After the current launch of the primary pictures from now being released on the Space Telescope Science Institute’s Mikulski Archive for Space Telescopes. The data includes images of
“Combined with the deep field images released the other day, these images of Jupiter demonstrate the full grasp of what Webb can observe, from the faintest, most distant observable galaxies to planets in our own cosmic backyard that you can see with the naked eye from your actual backyard,” said Bryan Holler. He is a scientist at the Space Telescope Science Institute in Baltimore, who helped plan these observations.
Clearly visible at the left is Europa, a moon with a probable ocean below its thick icy crust. It is the target of NASA’s forthcoming Europa Clipper mission. Moreover, Europa’s shadow can be seen to the left of the Great Red Spot. Other visible Jovian moons in these images include Thebe and Metis.
“I couldn’t believe that we saw everything so clearly, and how bright they were,” said Stefanie Milam, Webb’s deputy project scientist for planetary science based at NASA’s Goddard Space Flight Center in Greenbelt, Maryland. “It’s really exciting to think of the capability and opportunity that we have for observing these kinds of objects in our solar system.”
Scientists were especially enthusiastic to see these images because they are proof that Webb can observe the satellites and rings near bright solar system objects such as Jupiter,
“The Jupiter images in the narrow-band filters were designed to provide nice images of the entire disk of the planet, but the wealth of additional information about very faint objects (Metis, Thebe, the main ring, hazes) in those images with approximately one-minute exposures was absolutely a very pleasant surprise,” said John Stansberry, observatory scientist and NIRCam commissioning lead at the Space Telescope Science Institute.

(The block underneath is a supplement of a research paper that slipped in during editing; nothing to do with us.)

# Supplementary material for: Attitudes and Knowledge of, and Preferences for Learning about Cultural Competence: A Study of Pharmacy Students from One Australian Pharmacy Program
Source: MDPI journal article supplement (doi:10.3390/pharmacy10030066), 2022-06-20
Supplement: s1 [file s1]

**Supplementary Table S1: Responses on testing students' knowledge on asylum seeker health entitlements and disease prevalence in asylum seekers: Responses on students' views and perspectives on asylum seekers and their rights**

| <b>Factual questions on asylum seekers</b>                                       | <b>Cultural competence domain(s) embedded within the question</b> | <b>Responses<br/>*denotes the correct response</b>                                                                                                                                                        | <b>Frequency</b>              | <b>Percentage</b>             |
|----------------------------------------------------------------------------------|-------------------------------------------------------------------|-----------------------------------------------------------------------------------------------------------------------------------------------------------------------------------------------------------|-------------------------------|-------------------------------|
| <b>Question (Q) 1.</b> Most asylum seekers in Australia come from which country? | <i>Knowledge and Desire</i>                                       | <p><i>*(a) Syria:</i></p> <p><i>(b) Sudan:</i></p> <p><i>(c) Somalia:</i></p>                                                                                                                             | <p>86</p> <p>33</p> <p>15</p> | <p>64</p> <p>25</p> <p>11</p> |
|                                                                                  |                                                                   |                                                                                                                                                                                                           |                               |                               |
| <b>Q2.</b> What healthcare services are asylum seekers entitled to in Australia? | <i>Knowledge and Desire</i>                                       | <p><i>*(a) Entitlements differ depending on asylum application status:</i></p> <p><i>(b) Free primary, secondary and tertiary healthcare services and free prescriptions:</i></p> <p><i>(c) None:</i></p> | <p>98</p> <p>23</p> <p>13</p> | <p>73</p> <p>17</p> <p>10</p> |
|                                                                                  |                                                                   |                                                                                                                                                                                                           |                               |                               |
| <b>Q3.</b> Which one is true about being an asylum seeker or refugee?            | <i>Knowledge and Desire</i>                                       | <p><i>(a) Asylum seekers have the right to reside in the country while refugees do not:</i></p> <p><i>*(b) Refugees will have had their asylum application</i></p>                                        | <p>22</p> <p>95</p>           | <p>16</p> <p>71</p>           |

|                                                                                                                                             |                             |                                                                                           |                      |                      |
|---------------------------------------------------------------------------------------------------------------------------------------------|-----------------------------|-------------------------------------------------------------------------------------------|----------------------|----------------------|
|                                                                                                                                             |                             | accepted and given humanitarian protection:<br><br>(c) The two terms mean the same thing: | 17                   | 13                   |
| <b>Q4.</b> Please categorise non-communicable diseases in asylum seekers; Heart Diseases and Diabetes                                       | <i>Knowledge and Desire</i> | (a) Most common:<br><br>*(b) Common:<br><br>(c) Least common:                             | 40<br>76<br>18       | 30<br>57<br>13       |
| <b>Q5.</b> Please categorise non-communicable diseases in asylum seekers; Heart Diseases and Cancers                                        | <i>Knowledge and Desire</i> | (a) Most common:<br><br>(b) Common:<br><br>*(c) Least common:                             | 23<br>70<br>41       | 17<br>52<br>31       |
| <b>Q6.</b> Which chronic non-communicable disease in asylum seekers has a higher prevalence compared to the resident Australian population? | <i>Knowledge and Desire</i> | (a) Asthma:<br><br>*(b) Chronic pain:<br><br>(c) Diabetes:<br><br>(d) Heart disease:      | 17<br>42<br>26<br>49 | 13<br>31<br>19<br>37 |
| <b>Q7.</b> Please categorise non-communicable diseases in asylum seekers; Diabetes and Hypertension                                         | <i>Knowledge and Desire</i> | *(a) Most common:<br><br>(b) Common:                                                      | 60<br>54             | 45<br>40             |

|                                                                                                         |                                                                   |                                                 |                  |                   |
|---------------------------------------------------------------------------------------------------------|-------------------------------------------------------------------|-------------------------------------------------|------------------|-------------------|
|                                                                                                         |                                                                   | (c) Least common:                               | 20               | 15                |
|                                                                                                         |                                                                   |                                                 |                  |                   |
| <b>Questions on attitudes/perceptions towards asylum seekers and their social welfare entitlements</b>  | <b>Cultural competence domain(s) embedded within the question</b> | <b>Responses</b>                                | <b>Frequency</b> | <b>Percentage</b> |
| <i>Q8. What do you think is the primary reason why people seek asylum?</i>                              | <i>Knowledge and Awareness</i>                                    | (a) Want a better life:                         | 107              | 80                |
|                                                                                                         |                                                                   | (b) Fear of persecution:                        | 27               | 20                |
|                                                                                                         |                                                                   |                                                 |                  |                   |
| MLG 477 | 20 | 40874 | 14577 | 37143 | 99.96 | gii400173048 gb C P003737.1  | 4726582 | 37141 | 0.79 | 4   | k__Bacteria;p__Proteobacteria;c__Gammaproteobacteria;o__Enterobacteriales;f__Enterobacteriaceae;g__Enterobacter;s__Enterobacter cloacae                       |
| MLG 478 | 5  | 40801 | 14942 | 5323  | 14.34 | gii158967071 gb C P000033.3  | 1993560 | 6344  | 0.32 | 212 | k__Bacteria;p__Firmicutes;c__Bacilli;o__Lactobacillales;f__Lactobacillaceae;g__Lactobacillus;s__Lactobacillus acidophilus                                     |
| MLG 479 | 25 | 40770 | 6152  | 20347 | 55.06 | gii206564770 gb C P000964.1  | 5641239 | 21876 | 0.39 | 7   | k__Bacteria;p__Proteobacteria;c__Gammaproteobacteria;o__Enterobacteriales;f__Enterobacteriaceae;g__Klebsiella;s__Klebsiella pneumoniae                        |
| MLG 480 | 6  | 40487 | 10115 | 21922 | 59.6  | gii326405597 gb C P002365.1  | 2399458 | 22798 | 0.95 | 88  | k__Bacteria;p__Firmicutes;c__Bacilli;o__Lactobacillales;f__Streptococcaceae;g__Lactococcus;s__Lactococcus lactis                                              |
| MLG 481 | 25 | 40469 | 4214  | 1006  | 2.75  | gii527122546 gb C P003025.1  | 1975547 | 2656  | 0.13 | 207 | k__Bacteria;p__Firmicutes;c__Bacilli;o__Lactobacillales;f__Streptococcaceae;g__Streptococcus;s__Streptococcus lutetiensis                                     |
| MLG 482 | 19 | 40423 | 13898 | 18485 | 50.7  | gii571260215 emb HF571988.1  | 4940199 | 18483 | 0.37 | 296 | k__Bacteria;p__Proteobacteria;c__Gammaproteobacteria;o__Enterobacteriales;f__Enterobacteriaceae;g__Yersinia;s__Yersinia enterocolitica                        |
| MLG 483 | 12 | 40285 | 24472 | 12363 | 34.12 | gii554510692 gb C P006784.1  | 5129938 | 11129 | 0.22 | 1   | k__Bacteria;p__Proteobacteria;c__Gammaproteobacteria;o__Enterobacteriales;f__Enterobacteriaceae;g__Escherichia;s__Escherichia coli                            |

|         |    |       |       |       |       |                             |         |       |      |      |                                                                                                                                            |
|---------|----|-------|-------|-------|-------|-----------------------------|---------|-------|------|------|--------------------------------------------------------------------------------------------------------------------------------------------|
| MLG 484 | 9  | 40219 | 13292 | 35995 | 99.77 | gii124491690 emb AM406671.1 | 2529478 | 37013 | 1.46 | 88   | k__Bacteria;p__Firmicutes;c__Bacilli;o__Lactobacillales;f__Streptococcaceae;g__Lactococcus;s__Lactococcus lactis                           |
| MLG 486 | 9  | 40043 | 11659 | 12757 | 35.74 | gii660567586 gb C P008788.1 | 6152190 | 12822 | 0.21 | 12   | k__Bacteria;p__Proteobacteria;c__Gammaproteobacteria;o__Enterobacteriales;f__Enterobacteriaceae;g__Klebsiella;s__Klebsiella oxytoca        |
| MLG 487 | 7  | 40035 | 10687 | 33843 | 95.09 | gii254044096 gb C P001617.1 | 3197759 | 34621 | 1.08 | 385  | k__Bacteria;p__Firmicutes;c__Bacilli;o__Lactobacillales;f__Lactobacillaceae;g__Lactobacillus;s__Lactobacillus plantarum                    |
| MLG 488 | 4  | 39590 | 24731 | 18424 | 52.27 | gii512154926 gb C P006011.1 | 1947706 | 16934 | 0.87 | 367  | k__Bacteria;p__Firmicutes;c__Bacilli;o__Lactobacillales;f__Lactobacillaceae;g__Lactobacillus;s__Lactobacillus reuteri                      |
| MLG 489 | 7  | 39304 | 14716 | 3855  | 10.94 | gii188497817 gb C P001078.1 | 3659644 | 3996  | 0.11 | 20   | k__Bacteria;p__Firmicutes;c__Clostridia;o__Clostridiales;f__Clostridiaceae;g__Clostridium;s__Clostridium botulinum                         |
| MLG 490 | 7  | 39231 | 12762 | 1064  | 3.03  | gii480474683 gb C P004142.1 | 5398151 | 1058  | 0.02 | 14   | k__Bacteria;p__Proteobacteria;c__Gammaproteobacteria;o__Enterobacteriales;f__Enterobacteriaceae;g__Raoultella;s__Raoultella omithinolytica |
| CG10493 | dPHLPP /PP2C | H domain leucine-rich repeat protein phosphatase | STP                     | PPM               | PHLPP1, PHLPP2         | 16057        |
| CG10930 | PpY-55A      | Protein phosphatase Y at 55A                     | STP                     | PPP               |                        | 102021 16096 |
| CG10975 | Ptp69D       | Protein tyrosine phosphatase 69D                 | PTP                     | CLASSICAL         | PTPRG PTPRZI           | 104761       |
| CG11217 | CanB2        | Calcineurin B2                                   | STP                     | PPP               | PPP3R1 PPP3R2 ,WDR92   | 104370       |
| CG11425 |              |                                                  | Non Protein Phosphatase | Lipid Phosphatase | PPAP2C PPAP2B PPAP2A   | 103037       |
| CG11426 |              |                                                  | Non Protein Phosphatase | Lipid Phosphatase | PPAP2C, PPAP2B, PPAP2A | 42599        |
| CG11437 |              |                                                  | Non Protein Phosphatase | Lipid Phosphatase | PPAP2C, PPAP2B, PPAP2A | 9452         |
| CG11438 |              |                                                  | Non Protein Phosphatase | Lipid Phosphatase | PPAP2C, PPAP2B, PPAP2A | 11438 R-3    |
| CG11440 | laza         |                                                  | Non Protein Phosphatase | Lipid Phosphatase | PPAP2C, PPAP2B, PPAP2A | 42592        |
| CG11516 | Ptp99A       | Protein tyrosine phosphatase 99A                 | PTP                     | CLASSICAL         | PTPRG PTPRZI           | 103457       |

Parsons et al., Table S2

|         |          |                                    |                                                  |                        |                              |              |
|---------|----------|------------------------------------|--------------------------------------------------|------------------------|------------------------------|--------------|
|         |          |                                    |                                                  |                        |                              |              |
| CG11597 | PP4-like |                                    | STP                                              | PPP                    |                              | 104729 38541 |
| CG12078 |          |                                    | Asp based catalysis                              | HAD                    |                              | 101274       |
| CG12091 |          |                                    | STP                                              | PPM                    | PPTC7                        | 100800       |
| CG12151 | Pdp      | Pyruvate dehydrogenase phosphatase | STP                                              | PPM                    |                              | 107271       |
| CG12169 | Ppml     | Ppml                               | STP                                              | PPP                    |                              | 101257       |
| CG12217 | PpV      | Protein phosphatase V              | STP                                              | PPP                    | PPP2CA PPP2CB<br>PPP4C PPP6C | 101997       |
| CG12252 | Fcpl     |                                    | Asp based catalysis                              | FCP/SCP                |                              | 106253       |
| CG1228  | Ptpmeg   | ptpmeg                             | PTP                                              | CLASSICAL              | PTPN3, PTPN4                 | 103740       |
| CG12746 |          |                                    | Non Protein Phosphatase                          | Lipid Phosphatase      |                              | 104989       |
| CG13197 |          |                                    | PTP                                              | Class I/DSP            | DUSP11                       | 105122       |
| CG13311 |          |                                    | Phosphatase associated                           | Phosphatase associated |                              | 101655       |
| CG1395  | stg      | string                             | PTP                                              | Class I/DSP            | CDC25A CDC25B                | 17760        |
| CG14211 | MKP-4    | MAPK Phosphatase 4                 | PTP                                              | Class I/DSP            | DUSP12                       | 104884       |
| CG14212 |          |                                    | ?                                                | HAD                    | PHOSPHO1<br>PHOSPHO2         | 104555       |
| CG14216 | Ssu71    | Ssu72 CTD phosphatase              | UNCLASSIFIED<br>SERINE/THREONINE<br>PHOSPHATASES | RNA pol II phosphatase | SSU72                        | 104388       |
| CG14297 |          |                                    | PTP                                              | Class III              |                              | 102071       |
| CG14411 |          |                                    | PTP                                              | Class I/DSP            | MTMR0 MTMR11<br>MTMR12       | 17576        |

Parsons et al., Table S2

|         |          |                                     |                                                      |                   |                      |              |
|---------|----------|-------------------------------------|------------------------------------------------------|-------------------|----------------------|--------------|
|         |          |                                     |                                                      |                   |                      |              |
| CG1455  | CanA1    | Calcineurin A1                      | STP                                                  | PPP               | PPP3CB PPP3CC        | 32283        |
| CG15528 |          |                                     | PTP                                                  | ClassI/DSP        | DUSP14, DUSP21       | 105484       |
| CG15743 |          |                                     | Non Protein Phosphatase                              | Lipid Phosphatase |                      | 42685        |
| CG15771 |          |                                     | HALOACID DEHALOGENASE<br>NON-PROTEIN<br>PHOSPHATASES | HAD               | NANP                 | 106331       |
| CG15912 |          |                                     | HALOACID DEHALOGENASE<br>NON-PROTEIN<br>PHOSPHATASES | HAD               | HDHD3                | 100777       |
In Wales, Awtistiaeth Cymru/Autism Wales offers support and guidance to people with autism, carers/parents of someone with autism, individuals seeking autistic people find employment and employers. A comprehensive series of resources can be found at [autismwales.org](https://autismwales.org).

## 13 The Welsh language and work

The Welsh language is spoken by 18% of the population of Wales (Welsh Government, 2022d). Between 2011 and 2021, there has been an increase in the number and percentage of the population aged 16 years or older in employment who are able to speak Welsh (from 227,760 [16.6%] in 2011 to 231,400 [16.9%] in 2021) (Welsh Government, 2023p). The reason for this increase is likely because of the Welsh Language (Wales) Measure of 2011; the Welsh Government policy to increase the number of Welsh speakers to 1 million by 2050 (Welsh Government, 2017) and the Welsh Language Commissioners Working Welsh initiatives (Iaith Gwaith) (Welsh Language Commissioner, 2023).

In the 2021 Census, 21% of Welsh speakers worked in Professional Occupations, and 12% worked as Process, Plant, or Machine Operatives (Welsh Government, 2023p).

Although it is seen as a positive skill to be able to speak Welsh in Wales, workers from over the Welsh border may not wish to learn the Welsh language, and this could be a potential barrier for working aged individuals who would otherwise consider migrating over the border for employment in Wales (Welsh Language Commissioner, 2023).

Webb also obtained these images of Jupiter and Europa moving across the telescope’s field of view in three separate observations. This test demonstrated the ability of the observatory to find and track guide stars in the vicinity of bright Jupiter.
But just how fast can an object move and still be tracked by Webb? This was an important question for scientists who study asteroids and comets. During commissioning, Webb used an asteroid called 6481 Tenzing, located in the asteroid belt between Mars and Jupiter, to start the moving-target tracking “speed limit” tests.
Webb was designed with the requirement to track objects that move as fast as Mars, which has a maximum speed of 30 milliarcseconds per second. During commissioning, the Webb team conducted observations of various asteroids, which all appeared as a dot because they were all small. The team proved that Webb will still get valuable data with all of the science instruments for objects moving up to 67 milliarcseconds per second, which is more than twice the expected baseline – similar to photographing a turtle crawling when you’re standing a mile away. “Everything worked brilliantly,” Milam said.